Want to know why I own shares in Oracle
Yesterday the database king silenced critics who had skewered last year's pursuit of PeopleSoft by reporting big gains where it counts the most: in sales of new software licenses. The core database business grew 16% year-over-year during the fourth quarter while application software sales jumped by 52% over the same period. In all, Oracle's net income rose 4% for the quarter and 10% for the full fiscal year. Excluding acquisition-related charges and gains, net income rose by 36% for the quarter and 31% for the year. Impressive, eh? Well, it gets better. Let's move on to the cash flow statement.
Last quarter I said I was a little disappointed in Oracle's owner earnings run rate. Maybe Larry was listening? The database king juiced structural free cash flow to $3.12 billion for all of fiscal 2005.
Next, it's on to the balance sheet, where the dramatic gains in cash flow had a profound impact. Take stockholder equity, for example. You may recall Oracle had negative equity last quarter, a result of overpaying for PeopleSoft. It took all of one quarter to reverse that. Total debt, for example, declined by more than $4.5 billion. Net cash and investments, however, were lower by only $4.3 billion.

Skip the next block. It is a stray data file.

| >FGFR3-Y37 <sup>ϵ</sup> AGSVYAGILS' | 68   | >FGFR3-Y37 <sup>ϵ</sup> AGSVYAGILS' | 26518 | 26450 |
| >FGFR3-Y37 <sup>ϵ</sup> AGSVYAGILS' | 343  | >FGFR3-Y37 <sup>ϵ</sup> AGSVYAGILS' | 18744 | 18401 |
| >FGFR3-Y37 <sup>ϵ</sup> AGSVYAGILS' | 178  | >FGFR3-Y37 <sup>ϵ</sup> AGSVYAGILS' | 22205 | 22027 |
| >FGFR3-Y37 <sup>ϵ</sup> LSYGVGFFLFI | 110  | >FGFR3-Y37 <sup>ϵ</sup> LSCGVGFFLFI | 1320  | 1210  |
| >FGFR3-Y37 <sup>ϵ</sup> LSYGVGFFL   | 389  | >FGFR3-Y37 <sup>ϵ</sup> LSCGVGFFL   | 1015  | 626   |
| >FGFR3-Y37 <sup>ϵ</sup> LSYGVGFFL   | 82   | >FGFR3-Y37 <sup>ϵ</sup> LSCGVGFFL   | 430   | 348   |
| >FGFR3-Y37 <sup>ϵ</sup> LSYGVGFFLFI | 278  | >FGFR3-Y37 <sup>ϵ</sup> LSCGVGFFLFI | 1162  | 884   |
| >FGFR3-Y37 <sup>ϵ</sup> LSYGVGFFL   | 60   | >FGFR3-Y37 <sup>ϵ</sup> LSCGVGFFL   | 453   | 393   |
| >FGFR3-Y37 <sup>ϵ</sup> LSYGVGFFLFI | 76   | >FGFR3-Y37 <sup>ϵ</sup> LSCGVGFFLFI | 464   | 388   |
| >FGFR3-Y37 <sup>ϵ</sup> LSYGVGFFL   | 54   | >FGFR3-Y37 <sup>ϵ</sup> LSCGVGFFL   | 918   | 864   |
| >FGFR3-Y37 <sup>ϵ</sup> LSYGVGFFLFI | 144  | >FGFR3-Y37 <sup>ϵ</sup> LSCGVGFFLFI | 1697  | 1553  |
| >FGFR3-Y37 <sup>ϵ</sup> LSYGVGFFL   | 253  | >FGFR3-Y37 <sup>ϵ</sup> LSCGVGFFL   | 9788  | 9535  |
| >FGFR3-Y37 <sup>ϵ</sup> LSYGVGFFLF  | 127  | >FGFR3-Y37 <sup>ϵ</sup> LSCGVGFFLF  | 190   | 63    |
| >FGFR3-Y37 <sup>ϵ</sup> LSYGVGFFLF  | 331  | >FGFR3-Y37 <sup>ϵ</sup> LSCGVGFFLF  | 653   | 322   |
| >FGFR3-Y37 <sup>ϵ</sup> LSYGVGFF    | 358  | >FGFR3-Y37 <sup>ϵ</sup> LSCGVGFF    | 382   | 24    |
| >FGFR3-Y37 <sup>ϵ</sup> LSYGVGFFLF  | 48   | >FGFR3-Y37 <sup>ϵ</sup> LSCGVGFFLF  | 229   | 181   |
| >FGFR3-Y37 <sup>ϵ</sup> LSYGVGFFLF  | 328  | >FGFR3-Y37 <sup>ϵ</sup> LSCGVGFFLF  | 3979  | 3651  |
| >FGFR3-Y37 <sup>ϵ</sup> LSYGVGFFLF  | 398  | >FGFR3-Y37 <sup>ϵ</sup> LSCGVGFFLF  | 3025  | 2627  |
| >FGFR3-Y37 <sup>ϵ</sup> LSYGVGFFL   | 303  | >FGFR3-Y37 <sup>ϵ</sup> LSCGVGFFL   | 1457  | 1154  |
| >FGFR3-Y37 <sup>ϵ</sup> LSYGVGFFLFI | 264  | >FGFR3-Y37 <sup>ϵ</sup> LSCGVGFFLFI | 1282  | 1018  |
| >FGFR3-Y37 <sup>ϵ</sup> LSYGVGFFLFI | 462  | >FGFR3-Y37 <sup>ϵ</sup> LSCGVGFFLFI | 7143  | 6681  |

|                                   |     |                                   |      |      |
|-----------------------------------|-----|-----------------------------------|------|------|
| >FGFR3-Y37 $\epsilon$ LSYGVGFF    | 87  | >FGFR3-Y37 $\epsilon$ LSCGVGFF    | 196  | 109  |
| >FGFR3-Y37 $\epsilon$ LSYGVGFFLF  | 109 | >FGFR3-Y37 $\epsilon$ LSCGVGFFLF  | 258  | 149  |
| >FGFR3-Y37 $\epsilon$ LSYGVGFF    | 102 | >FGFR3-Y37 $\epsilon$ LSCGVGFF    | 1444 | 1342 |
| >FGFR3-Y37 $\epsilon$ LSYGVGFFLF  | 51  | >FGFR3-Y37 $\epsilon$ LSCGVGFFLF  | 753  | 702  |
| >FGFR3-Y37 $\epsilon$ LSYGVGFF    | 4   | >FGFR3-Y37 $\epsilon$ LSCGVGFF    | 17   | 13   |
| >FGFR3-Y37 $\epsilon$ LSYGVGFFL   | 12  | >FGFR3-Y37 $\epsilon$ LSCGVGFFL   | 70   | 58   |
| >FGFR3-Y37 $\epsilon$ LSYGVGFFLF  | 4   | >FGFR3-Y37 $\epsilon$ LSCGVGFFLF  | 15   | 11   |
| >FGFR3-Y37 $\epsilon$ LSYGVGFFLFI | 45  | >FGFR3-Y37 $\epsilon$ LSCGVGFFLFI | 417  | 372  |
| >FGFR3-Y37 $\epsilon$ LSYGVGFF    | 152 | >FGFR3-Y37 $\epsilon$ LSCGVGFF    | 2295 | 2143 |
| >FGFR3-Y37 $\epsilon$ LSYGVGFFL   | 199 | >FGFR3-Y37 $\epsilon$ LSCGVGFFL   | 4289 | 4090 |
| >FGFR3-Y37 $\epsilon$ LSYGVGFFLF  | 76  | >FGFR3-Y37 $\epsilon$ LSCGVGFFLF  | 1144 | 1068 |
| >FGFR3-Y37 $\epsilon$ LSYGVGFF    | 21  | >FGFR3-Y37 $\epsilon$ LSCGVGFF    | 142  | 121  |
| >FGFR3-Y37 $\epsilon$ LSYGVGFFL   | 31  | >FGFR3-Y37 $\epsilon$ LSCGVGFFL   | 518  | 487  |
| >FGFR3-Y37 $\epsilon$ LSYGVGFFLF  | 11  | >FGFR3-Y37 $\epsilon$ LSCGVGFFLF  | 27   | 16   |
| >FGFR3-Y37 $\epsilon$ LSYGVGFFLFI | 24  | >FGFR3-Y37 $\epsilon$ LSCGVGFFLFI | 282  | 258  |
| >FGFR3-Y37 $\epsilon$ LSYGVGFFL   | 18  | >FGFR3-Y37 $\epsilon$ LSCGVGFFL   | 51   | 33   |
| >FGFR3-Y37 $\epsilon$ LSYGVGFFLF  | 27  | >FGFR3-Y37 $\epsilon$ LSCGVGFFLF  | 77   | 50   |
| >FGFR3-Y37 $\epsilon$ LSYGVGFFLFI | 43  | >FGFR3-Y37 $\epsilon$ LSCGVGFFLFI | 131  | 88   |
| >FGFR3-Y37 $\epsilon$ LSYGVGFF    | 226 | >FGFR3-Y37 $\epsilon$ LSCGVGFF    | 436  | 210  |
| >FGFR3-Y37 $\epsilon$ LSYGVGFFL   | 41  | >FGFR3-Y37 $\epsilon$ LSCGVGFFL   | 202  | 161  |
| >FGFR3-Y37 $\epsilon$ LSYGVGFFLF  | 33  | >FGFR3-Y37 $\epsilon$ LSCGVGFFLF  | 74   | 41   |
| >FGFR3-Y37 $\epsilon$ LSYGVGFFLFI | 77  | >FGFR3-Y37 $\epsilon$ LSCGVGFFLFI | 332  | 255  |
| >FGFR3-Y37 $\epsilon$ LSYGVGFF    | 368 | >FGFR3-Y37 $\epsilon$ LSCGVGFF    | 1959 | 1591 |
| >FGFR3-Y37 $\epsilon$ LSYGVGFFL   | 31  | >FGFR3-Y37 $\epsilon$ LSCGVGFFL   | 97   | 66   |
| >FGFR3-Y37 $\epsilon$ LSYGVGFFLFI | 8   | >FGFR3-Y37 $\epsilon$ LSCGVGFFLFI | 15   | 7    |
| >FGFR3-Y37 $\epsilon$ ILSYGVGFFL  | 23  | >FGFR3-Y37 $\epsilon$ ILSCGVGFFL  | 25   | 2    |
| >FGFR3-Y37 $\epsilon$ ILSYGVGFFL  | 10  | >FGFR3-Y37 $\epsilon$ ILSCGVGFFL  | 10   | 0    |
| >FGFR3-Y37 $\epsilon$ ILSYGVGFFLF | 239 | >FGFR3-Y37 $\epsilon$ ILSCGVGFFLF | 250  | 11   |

I expect the improvements to continue. Management says to expect 2006 full-year revenue to be between $14.2 and $14.4 billion. Over the past four years, Oracle's margin on structural free cash flow has floated between 22.7% and 30.4%. The midpoint comes in at 26.5%. At that rate, we can expect Oracle to generate between $3.7 and $3.8 billion in owner earnings for next fiscal year. And that means the database king trades today for 18 times its expected structural free cash flow.
That's pretty good news, Fool. CEO Ellison has made it clear that Oracle will make more acquisitions, but only if they'll help the company generate 20% annual growth over the next five years. You read that right: 20% annual growth to 2010 from a company trading at 18 times cash flow today.
Could this be more Ellison hype? Possibly, but I think it's more likely another opportunity to buy a Rule Breaking stock on sale.
Want more prophesy from the Oracle? Try this related Foolishness:
- If all you need is the numbers, we're here for you.
- Oracle has been seeing cash for years.
- Looks like "OracleSoft" is starting to bear fruit.
Fool contributor and Oracle shareholder Tim Beyers wonders whether Larry Ellison has his eye on Siebel, too. Hmmmmm. What's your take? Share your thoughts with other Fools at the Oracle discussion board.